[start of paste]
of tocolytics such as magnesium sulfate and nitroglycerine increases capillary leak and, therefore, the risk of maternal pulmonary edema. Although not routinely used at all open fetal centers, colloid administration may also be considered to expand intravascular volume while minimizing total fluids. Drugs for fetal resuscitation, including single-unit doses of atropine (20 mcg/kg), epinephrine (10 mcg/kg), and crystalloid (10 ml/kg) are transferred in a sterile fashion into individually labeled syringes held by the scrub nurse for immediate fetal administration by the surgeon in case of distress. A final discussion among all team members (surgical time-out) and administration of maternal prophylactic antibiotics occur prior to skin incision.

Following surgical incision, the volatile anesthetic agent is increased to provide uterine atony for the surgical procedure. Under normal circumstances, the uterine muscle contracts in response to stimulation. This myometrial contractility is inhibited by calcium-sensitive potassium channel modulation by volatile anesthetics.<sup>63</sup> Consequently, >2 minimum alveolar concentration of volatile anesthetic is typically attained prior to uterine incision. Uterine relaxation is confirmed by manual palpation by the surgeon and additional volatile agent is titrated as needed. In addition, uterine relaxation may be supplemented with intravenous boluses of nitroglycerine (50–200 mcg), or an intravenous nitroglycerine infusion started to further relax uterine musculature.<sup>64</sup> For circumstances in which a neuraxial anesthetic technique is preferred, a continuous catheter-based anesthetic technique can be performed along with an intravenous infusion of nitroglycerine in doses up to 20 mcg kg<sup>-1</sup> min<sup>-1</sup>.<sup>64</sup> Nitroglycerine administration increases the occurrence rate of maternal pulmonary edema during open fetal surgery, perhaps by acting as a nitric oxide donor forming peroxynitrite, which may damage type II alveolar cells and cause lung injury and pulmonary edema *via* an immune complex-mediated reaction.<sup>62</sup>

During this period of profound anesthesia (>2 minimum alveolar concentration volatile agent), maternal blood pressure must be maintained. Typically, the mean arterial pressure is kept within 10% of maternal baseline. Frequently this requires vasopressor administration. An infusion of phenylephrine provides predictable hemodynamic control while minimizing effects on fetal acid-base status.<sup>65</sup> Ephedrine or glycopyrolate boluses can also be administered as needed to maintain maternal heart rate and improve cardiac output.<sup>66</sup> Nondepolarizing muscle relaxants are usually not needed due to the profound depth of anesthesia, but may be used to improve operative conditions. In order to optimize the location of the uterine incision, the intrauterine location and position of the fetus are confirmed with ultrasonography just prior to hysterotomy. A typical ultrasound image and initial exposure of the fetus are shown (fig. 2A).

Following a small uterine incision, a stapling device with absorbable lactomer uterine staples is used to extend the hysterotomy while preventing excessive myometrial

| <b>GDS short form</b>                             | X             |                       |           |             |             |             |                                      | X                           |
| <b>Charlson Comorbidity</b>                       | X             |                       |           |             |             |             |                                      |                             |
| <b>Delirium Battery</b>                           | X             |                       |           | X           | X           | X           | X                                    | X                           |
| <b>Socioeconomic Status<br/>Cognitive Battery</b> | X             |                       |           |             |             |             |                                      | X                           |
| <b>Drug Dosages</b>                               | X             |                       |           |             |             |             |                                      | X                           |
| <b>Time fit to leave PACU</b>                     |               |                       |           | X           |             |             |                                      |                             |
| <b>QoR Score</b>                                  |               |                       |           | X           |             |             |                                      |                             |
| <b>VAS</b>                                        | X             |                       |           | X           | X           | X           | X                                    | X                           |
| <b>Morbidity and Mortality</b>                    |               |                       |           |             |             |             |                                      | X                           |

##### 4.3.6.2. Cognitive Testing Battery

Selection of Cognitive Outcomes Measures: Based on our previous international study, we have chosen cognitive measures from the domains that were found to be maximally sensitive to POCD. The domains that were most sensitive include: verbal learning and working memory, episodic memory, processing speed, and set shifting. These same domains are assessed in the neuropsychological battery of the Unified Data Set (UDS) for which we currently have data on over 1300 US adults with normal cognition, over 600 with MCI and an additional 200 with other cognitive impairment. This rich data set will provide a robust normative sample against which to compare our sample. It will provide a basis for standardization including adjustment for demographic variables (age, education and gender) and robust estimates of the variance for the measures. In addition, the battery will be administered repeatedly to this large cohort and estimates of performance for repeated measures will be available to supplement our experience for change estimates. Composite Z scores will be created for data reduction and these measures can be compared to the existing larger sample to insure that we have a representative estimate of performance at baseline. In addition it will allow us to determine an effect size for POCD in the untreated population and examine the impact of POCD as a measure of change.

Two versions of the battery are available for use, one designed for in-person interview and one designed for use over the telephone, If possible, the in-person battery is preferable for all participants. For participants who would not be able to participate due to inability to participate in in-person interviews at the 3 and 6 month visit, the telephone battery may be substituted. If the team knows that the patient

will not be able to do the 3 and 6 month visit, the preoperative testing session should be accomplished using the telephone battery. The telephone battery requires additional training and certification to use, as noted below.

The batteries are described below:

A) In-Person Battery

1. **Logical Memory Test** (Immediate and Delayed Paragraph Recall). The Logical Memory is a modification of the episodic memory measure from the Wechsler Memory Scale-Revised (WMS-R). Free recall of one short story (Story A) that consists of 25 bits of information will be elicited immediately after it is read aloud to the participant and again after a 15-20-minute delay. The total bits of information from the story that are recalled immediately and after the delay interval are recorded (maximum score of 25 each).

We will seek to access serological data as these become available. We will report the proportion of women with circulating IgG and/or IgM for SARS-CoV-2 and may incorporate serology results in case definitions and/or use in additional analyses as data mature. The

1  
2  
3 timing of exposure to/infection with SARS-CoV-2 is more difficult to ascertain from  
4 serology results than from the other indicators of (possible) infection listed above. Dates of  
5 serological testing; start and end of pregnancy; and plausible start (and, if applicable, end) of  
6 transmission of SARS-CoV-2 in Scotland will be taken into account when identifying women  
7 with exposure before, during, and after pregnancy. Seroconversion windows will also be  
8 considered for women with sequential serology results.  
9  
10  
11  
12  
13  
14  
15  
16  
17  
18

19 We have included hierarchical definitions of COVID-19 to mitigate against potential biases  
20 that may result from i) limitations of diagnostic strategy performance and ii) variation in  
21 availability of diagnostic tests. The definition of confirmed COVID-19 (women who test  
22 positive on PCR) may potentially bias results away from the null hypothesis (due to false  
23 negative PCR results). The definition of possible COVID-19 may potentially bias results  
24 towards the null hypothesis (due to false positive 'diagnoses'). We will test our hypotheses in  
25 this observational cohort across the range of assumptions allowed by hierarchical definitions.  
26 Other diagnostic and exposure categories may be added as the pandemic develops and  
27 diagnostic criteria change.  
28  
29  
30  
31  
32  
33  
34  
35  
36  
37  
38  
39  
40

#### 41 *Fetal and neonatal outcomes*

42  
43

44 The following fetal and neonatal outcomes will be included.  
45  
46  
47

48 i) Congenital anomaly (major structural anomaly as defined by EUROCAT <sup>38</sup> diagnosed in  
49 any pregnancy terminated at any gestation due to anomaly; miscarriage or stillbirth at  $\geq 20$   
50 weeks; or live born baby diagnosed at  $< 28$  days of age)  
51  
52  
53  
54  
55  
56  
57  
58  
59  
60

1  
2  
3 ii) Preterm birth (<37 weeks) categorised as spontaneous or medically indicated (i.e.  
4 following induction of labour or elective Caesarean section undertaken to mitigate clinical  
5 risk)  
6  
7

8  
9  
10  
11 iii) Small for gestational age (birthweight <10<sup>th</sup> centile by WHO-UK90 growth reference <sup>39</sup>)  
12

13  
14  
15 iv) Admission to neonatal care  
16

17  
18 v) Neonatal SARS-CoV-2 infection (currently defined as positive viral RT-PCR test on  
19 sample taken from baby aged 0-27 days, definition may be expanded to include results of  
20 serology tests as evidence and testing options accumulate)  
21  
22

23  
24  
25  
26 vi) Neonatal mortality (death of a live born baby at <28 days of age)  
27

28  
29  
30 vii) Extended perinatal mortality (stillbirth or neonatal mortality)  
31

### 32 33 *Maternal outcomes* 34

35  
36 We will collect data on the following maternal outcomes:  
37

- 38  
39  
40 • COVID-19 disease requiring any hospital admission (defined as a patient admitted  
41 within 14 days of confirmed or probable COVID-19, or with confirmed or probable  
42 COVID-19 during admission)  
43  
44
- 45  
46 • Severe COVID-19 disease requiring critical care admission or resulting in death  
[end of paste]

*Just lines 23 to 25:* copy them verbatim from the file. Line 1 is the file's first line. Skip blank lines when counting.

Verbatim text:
2  
3 timing of exposure to/infection with SARS-CoV-2 is more difficult to ascertain from  
4 serology results than from the other indicators of (possible) infection listed above. Dates of  